Help! What Should We Do With All These 3D Points? - 10/04/2015
SPAR Europe and European LiDAR Mapping Forum 2014
SPAR Europe and European LiDAR Mapping Forum 2014 was held from 8-10 December 2014 in Amsterdam, The Netherlands. The event focused on the acquisition, generation, storage and processing of 3D point clouds. Today’s sensors are able to collect billions of points in just one hour of surveying. But help! How can we query these huge volumes of 3D points and how can we convert them into useful information?
|Figure 1, The Titan, an airborne Lidar emitting independent pulses in three narrow spectral bands (Image courtesy: Optech).|
The sheer amount of 3D points and their attributes – such as intensity and RGB – collected by airborne and mobile Lidar sensors or terrestrial laser scanners, or computed from overlapping nadir or oblique imagery, is placing a huge burden on computers and storage devices. Indeed, the storage, management and processing of the brontobytes of data produced by Lidar or calculated from overlapping images requires considerable effort, and there is a growing consensus that massive point clouds raise issues which need to be tackled.
Point Cloud Management
During the event, Oscar Marinez-Rubib (Netherlands eScience Center) presented a paper by himself and Peter van Oosterom (Delft University of Technology). The paper compared the time of loading and querying of The Netherlands’ AHN2 height dataset as a whole and as subsets in several point cloud data management systems including Oracle, PostgreSQL, MonetDB and LAStools. The first three are database management systems (DBMSs) and the fourth one is file-based. AHN2 has a point density of 6 to 10 points per square metre resulting in a total of 640 billion (i.e. over half a trillion) 3D points covering the entire country. The queries concerned rectangles, circles and complex polygons of different sizes. A generic comment about which is the best system is almost impossible because performance depends on the type of queries one wants to carry out and these will be different for different users. Nevertheless, a tentative conclusion is that the databases using blocks perform better for the more complex queries, while LAStools performs best for rectangles, circles and other simple queries.
Rapidlasso is the creator of LAStools, the open-source LASzip compressor and PulseWaves. LAStools processes billions of 3D Lidar points quickly and with high throughput, achieved through robust algorithms with efficient I/O and memory management. Martin Isenburg, scientist and owner of Germany-based rapidlasso, discussed the benefits of LASlayers: a new functionality that enables changes to raw LAS or LAZ files to be stored in small, separate files. The idea is that X,Y,Z coordinates, intensities, RGB, scan angles or other attributes do not usually change when processing 3D point clouds. Therefore, rewriting and duplicating unchanged data is unnecessary and only contributes to I/O load and slows down the workflow. Modifications, additions and removals of a few points or attributes extends the original data files with just one or at most a handful of LAY files, which require negligible storage space. A contractor based in India, for example, no longer needs to send entire LAS or LAZ files containing billions of 3D points to his client in Europe, but can instead send small files containing the few hundreds or thousands of modifications only.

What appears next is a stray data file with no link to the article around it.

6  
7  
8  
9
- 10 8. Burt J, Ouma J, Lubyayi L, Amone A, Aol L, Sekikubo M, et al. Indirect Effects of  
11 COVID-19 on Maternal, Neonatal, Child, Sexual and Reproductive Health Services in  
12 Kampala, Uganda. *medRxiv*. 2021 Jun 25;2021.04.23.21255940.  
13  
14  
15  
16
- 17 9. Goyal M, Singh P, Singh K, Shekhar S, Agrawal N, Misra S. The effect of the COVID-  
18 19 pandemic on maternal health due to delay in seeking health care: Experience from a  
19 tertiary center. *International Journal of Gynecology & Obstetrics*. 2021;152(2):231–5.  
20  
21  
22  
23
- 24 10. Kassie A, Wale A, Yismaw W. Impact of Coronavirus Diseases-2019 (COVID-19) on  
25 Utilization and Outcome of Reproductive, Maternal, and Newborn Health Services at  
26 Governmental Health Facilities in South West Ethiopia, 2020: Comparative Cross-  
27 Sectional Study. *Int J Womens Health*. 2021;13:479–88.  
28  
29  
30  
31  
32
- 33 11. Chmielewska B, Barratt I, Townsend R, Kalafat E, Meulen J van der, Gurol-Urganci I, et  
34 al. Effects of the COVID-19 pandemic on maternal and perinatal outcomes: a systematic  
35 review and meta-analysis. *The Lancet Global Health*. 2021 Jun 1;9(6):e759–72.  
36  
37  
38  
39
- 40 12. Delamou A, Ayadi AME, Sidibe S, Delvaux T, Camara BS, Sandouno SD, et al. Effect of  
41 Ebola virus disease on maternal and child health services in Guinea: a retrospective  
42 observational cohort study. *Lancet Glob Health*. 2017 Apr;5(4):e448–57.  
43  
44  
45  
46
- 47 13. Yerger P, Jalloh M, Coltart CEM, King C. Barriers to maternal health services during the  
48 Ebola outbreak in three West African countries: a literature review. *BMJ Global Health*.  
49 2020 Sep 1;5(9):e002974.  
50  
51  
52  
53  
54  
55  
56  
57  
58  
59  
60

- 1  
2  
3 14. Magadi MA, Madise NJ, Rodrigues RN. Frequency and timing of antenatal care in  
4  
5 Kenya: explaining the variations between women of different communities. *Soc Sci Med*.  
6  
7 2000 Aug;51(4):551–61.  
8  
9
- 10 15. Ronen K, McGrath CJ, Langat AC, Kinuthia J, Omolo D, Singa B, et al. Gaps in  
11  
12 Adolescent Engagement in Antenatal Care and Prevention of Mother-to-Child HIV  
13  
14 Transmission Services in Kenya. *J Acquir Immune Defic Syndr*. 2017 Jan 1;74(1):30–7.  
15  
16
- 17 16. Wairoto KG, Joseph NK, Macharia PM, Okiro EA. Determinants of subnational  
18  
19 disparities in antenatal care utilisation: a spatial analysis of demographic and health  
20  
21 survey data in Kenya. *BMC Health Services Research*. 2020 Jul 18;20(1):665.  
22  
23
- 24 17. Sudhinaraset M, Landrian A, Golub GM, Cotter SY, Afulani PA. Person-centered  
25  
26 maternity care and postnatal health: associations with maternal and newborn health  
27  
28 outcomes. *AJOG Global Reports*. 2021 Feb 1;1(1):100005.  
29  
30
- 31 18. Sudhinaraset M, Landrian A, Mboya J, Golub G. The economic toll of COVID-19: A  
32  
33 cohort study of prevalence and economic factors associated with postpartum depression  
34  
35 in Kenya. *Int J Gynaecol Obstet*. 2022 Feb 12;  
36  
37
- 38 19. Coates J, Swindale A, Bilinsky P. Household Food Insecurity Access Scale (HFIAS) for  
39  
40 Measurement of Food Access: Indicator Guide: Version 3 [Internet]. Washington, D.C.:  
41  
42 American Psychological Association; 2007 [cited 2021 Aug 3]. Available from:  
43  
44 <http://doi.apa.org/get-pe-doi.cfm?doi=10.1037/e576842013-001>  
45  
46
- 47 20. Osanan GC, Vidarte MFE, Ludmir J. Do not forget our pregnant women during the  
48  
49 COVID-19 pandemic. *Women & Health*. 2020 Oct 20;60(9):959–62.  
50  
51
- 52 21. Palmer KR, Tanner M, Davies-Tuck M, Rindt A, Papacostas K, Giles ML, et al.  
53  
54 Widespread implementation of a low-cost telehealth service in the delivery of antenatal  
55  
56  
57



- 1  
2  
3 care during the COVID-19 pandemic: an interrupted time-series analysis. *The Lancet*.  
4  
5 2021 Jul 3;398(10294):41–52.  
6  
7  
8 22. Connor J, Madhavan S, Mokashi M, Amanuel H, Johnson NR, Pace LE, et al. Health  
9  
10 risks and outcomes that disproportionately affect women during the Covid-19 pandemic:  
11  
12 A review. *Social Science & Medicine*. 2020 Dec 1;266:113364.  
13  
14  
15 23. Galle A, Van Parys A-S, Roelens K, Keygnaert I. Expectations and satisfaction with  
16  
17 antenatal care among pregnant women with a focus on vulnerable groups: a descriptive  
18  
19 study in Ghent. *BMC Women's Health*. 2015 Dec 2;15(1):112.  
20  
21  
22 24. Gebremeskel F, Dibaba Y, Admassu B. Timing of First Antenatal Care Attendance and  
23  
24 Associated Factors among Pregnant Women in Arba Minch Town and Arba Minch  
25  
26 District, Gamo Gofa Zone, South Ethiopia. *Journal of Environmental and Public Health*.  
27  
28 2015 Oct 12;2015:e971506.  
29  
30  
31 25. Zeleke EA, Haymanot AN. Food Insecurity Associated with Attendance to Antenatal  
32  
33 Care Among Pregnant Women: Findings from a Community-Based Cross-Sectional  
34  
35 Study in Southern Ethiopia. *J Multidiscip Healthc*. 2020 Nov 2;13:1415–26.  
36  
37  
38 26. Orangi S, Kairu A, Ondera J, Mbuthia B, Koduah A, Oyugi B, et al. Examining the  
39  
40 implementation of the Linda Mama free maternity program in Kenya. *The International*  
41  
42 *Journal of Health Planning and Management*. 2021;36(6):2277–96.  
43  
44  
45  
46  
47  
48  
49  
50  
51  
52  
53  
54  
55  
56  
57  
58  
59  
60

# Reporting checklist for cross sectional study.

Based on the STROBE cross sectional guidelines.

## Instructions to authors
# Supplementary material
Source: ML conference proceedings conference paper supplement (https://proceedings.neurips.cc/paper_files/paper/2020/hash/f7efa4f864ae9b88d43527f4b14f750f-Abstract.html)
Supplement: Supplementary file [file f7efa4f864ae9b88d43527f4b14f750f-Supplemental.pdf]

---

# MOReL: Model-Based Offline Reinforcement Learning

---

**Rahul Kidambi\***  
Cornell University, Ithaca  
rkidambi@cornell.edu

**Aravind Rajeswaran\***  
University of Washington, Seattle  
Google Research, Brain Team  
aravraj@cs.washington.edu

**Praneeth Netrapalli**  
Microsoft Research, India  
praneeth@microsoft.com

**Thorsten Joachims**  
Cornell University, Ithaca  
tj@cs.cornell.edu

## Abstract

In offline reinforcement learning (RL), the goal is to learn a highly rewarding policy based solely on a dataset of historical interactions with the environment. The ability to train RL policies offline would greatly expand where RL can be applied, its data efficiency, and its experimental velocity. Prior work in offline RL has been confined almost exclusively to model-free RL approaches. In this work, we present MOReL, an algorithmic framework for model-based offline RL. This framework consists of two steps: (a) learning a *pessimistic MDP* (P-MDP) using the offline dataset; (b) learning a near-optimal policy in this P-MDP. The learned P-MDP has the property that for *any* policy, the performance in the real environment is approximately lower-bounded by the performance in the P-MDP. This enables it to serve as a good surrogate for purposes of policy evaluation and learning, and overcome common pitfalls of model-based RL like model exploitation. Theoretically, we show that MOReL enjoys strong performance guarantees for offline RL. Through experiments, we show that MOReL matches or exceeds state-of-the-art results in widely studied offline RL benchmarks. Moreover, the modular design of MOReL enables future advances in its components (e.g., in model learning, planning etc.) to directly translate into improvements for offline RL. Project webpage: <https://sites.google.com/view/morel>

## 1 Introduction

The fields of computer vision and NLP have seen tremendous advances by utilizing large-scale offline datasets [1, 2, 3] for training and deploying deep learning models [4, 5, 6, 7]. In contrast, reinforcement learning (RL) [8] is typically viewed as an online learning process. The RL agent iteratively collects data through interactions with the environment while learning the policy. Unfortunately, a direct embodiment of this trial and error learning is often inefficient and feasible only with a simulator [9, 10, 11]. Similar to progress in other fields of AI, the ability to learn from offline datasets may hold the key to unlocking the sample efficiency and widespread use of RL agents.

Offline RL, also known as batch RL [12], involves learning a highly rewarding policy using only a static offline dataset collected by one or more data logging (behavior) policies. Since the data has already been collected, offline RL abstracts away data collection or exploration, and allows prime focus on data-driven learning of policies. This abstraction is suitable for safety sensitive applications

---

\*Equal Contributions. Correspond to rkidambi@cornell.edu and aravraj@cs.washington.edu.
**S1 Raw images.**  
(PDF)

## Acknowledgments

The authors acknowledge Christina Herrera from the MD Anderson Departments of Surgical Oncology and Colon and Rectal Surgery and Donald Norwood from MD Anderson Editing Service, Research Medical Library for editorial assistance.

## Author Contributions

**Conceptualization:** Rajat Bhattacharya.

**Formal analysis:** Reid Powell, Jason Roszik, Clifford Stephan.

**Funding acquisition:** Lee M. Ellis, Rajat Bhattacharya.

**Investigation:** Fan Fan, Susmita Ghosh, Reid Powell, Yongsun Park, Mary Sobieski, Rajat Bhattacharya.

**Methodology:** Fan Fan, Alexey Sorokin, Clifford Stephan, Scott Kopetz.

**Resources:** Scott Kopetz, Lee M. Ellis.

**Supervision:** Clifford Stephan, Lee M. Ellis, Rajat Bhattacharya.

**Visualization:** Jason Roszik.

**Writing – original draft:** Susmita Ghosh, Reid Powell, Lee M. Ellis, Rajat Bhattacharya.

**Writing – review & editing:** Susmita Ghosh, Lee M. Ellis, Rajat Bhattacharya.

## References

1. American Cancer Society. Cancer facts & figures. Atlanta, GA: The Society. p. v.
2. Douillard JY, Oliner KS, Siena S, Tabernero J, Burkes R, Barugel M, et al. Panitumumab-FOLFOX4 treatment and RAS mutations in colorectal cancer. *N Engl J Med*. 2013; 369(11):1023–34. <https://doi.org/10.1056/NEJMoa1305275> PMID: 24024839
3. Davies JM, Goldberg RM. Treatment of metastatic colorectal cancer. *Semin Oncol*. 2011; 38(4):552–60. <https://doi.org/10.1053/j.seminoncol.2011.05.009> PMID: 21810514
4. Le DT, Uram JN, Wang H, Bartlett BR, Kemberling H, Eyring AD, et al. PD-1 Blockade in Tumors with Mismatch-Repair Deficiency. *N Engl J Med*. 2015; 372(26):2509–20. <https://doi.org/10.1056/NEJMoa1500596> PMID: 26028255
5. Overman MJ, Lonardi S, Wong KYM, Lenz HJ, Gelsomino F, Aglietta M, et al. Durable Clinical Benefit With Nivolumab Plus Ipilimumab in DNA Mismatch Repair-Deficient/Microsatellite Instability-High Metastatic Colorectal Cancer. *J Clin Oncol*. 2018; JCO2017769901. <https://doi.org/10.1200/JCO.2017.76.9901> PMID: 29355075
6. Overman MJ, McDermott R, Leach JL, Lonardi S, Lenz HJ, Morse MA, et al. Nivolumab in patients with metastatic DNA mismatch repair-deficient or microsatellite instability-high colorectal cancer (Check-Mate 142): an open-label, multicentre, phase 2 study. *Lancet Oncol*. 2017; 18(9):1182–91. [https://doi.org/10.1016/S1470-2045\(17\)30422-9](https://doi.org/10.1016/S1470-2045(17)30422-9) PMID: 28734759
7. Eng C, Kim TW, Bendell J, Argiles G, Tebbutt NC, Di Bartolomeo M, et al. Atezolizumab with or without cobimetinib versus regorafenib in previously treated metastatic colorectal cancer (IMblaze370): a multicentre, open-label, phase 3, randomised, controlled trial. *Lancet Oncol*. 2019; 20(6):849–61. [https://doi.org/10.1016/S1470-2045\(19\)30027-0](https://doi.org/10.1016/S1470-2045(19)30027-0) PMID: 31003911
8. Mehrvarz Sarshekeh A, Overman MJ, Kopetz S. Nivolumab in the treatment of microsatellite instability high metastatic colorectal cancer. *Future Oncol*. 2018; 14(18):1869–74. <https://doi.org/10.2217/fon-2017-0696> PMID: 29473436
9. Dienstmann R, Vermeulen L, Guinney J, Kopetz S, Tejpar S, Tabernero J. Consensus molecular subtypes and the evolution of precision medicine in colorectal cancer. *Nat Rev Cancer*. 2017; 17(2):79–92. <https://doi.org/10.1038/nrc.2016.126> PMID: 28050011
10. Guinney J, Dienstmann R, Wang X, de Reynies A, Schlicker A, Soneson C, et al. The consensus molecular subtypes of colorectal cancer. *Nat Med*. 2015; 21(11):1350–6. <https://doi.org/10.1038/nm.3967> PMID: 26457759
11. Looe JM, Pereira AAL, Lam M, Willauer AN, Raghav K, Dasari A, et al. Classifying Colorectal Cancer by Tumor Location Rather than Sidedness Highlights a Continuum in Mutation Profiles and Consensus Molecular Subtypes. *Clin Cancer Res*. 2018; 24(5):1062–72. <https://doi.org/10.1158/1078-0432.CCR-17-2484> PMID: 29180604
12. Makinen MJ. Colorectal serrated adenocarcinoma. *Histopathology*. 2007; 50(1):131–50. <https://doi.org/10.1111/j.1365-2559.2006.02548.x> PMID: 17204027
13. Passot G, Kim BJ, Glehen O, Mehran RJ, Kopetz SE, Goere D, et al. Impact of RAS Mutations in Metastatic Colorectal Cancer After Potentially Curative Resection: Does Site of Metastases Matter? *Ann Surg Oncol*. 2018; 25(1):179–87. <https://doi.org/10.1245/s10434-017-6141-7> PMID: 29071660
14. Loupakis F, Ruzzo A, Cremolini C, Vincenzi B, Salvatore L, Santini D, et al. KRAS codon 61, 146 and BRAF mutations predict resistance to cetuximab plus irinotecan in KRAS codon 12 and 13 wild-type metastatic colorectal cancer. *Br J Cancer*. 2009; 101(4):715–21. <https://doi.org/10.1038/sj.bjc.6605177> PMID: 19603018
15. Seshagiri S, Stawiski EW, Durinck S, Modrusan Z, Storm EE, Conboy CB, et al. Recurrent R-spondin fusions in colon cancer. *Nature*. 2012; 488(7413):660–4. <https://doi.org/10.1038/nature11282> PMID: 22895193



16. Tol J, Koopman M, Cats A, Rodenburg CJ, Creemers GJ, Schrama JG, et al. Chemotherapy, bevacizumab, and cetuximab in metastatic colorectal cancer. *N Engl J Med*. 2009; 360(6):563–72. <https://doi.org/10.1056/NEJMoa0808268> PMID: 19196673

|Figure 2, YellowScan lightweight laser mounted under an OnyxStar copter (Image courtesy: M. Lemmens).|
Optech introduced its new multispectral Lidar, which has been baptised ‘Titan’. The standard configuration emits three independent pulses in the wavelengths of 532nm, 1,064nm and 1,550nm – each with a 300kHz effective sampling rate for a combined ground sampling rate of 900kHz (Figure 1). The minimum flying height for both topographic and bathymetric surveys is 300m while the maximum height is 600m over water and 2,000m over land. The envisaged applications include topographic surveying, 3D land cover classification, environmental modelling, vegetation mapping and shallow water bathymetry. Nearly as new as the Titan is RIEGL’s VQ-880-G, an airborne Lidar designed for combined topographic and bathymetric surveying which was introduced at Intergeo 2014. The measurement rate is up to 550kHz while 160 scans per second can be made. Typical applications include mapping of coastlines, shallow waters, aggradation zones and habitats; point cloud collection for flood prevention; and surveying for hydraulic engineering and underwater archaeological sites. RIEGL also showcased the RiCOPTER UAS it has developed in-house. It can carry a payload of 16kg and is equipped with the VUX-1 Lidar sensor, which has a measurement rate of up to 500kHz and can make up to 200 scans per second. The eye-catcher from the French company L’Avion Jaune, founded in 2005, was YellowScan. With a weight of 2.2kg and a size of 20 x 17 x 15cm, the laser scanner has been designed for use on fixed-wing or multicopter UASs (Figure 2). It operates in the 905nm band and the maximum range is 100m. The sensor emits 80,000 pulses per second and records up to 3 returns per pulse.
The annual International LiDAR Mapping Forum, organised by SPAR Point Group, will be held from 23-25 February 2015 in Denver, USA. This event will likewise centre around 3D point clouds from airborne, terrestrial and underwater sensors.Last updated: 23/11/2019